What's inside Google's barge? US officials forced to sign confidentiality agreements
How badly does Google want to keep under wraps a mysterious project taking shape on a barge in San Francisco Bay? Badly enough to require some US government officials to sign confidentiality agreements.
At least one coastguard employee has had to sign a non-disclosure agreement with the internet giant, said Barry Bena, a US coastguard spokesman. Another person who would only identify himself as an inspector for a California government agency had to do the same.
Moored in the shadow of the Bay Bridge off Treasure Island, a former military base, the nondescript barge is stacked several storeys high with white shipping containers, and sprouts what appear to be antennas on top. The hulking structure, half shrouded in scaffolding, has stirred intense speculation in the Bay Area since reports of its existence surfaced late last week.
Technology website CNET theorised it might be a floating data centre that would house banks of computers. Local TV station KPIX said the barge was intended to serve as a floating retail store for Google's "Glass" wearable computer device.
Adding to the mystery, a second similar barge was recently spotted in Portland, in the US state of Maine. Both are reported to be registered to the same firm, By and Large. The company refused even to acknowledge its affiliation with the vessels.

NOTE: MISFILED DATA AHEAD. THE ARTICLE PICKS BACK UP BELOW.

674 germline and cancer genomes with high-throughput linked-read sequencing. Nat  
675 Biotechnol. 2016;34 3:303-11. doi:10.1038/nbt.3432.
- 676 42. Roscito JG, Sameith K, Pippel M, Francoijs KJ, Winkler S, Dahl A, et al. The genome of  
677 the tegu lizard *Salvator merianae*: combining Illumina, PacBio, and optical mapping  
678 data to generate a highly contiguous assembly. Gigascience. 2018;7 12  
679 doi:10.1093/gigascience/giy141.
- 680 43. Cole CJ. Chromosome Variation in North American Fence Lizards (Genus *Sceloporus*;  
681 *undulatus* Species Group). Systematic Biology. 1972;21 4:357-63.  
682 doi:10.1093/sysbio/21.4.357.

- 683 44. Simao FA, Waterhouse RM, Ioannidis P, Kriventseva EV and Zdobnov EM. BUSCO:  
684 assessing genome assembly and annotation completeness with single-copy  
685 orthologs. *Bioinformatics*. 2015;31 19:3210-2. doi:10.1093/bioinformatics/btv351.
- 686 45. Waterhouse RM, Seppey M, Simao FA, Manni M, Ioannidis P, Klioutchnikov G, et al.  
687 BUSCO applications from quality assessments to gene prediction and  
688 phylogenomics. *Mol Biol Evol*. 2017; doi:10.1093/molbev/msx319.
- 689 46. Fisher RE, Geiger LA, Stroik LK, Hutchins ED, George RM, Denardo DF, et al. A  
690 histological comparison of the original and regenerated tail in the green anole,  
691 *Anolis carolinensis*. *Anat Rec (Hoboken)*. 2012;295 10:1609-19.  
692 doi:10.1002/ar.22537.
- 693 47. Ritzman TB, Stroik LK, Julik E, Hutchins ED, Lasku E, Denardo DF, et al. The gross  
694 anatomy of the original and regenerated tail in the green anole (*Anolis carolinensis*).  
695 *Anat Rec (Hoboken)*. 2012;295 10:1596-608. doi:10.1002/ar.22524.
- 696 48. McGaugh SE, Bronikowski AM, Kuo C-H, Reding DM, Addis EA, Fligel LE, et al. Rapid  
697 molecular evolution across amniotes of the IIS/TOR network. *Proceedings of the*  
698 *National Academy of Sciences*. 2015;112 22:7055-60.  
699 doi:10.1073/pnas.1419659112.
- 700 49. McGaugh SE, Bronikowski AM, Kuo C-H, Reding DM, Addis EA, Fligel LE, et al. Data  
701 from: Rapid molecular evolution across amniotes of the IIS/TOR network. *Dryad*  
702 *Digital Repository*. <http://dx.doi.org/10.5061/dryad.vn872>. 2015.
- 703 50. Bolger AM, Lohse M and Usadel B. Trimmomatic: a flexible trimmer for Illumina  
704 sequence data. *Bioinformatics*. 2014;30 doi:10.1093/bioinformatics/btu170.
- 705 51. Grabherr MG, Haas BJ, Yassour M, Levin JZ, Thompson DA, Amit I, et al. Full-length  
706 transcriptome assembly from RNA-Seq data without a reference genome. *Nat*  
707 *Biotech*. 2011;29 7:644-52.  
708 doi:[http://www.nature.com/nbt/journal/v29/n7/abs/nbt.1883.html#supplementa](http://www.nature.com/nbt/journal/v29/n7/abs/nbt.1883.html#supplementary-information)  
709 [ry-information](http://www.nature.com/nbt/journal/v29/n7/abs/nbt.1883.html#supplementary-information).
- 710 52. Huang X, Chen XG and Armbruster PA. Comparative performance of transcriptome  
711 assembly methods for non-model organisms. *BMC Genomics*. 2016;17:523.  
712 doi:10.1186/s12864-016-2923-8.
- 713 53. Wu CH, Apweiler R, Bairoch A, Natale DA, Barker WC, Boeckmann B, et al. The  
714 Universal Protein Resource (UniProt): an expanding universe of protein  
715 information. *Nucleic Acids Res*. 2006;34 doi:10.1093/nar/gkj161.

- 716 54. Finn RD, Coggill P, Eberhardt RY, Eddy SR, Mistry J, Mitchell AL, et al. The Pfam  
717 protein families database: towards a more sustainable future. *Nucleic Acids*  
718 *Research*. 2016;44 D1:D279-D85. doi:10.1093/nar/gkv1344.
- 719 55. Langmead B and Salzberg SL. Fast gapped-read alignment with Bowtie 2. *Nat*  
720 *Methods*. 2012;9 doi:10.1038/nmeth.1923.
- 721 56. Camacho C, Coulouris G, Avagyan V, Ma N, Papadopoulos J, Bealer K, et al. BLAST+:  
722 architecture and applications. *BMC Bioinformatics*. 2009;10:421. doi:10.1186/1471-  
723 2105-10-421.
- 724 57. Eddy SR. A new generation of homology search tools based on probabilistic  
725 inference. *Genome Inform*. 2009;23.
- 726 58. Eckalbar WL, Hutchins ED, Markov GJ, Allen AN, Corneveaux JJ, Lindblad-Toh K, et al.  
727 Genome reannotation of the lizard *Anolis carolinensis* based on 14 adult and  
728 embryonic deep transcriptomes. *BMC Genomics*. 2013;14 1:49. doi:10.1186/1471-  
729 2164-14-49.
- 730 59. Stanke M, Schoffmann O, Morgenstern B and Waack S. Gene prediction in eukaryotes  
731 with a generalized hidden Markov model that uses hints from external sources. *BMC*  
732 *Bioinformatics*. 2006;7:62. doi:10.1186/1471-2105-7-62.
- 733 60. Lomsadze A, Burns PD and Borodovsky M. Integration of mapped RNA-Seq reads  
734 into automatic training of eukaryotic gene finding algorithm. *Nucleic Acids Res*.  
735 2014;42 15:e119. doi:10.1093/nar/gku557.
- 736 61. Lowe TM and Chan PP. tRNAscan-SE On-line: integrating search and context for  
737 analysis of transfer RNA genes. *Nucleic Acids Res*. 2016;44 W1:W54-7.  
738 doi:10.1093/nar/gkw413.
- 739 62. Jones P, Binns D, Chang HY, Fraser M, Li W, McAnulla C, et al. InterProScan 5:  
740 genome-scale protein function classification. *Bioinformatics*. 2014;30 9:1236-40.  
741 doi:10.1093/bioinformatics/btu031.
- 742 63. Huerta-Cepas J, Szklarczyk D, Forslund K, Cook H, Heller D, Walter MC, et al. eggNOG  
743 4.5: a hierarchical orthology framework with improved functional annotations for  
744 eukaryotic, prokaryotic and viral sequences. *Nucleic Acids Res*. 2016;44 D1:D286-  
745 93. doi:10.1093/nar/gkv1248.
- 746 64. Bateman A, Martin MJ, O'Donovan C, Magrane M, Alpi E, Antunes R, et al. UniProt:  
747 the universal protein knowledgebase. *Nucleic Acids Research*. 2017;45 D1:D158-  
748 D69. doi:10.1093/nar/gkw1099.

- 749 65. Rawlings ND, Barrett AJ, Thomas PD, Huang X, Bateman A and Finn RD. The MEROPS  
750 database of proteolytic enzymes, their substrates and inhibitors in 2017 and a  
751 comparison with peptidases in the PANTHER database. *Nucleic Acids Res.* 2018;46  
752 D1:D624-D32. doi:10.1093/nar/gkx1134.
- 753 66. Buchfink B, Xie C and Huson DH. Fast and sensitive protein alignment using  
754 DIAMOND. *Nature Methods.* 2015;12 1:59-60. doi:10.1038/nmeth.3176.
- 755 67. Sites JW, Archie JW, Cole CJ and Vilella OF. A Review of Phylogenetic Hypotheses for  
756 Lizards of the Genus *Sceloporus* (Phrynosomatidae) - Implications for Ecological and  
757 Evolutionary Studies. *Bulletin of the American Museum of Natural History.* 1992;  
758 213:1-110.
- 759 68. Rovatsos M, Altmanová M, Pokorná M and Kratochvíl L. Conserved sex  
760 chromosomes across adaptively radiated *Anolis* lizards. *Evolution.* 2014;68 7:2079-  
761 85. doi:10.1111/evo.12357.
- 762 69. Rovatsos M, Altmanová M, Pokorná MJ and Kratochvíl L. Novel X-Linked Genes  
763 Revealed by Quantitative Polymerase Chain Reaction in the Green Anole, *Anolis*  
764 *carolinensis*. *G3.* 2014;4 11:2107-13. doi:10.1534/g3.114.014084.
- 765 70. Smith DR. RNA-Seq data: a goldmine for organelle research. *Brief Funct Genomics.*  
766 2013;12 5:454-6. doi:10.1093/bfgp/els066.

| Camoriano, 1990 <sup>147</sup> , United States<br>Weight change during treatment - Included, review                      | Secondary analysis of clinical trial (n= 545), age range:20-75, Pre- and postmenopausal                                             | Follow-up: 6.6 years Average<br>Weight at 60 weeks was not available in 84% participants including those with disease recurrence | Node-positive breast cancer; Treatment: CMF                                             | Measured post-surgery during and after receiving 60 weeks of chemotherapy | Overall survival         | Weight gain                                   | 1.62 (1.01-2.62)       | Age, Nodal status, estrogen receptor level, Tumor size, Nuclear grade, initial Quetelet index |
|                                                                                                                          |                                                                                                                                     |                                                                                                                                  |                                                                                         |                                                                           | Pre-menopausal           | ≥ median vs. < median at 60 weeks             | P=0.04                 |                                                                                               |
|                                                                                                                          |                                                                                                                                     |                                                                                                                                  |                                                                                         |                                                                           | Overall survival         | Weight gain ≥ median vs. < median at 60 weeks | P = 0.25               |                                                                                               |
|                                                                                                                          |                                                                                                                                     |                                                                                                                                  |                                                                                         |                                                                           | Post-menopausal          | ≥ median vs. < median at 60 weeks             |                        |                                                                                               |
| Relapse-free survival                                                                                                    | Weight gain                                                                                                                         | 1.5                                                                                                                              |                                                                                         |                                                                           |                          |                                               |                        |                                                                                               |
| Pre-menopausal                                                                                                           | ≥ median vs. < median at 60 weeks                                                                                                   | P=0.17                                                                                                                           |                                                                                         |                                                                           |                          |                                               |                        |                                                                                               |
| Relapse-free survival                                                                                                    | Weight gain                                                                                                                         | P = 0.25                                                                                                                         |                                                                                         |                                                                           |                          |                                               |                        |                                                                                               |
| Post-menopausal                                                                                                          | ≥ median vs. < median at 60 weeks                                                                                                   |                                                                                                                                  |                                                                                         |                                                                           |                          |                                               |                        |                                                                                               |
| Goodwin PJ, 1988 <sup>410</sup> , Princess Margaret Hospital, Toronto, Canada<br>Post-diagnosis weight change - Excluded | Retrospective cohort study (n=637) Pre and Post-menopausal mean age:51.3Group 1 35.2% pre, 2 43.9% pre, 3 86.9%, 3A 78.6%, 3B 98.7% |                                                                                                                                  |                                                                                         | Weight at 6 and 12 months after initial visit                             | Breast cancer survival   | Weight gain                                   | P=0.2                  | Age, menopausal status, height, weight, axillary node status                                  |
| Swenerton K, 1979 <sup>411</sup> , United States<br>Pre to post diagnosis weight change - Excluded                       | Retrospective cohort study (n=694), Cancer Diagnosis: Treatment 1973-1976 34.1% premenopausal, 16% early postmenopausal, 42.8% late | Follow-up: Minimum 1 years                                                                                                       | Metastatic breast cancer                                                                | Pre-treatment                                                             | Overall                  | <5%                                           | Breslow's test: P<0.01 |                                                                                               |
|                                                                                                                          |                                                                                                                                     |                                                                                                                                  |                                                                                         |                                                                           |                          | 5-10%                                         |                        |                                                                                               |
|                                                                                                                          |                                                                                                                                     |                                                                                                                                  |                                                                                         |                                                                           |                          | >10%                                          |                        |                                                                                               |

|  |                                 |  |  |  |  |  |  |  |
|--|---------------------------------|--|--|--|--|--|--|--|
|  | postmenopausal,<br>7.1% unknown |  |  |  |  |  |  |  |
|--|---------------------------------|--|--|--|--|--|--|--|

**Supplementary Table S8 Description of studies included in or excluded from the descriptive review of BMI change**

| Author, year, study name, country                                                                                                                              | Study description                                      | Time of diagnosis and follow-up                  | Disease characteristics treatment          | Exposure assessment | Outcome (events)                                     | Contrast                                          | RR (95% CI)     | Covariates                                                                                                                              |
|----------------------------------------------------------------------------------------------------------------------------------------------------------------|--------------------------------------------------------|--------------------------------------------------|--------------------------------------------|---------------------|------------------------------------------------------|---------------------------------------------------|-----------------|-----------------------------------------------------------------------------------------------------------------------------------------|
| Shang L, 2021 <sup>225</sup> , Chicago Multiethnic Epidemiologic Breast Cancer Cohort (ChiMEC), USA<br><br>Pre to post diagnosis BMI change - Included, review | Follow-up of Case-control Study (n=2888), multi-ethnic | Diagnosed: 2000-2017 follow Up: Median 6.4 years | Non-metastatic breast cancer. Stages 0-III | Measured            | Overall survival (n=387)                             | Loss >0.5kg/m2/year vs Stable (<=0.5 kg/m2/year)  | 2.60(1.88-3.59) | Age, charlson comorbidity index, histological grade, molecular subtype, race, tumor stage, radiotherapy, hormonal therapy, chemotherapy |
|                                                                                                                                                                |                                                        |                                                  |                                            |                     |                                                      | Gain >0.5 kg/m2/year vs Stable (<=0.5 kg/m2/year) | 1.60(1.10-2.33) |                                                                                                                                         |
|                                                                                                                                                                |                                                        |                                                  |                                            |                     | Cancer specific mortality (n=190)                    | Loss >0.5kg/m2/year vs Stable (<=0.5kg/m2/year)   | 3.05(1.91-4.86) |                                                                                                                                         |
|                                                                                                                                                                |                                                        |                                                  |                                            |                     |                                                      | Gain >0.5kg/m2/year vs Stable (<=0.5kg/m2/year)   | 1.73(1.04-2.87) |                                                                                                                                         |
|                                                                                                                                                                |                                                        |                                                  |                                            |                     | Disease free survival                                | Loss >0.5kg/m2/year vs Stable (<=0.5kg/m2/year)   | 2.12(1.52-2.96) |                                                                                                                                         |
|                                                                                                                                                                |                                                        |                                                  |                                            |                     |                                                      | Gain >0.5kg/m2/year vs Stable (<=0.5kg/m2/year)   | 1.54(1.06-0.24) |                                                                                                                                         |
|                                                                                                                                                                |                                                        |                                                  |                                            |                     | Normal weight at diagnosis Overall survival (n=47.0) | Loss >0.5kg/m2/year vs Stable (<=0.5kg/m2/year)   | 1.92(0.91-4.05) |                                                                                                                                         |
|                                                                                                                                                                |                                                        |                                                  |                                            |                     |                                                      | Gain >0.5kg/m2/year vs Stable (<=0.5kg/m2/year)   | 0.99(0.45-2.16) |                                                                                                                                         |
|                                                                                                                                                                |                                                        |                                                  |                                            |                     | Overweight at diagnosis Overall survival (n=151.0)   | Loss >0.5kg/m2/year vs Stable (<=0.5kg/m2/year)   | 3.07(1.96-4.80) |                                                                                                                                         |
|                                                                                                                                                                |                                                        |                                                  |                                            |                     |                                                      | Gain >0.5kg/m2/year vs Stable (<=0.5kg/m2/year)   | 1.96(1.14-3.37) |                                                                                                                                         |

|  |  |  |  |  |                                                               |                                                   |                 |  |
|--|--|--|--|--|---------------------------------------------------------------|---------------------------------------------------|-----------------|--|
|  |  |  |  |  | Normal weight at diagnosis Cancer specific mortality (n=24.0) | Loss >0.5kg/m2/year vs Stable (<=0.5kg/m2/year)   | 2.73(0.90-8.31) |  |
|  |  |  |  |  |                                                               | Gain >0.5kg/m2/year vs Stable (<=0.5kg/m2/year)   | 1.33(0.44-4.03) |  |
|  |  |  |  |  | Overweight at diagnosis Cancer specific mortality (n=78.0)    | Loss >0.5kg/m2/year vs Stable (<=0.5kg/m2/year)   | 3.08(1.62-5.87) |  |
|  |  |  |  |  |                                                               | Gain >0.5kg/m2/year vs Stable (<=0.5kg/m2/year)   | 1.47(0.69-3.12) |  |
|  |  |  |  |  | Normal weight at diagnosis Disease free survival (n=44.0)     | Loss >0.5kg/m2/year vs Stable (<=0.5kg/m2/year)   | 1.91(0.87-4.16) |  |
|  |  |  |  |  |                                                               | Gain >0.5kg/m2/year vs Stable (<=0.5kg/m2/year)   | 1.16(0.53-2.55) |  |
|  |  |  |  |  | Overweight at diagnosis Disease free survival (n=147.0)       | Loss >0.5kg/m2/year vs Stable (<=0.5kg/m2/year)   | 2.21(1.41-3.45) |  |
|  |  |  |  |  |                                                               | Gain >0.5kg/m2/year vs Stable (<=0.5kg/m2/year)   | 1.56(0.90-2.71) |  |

Secrecy is a standard business practice in Silicon Valley, where technology companies such as Apple go to great lengths to keep their latest gadgets under wraps and a constellation of blogs compete to reveal highly prized details. But the concealment effort surrounding the barge is in another league. Chain-link fences and security guards encircle a pier and a couple of nearby buildings on the island, which sits between the cities of San Francisco and Oakland.
A California state inspector said he had to surrender his mobile phone and sign a confidentiality agreement in order to enter.
Bob Jessup, a construction company superintendent who works in a building across the street, said Google had spent the past year working on the project.
He said they fenced off a wide area and brought in at least 40 welders a day, who worked around the clock and refused to say a word.
"They wouldn't give up any of the information. It was a phenomenal production. None of them would tell us anything."
He said they worked on the inside and the outside of the shipping containers, outfitting them with electronics - "very hush hush" - and then loaded them onto the barge with a crane.
Larry Goldzband, executive director of the San Francisco Bay Conservation and Development Commission, said his agency had had several meetings with Google officials about the barge in recent months. Yet the company provided little information other than telling him that the vessel would be used for "general technology purposes", he said.
Google "could not give us a specific plan of any kind", Goldzband said.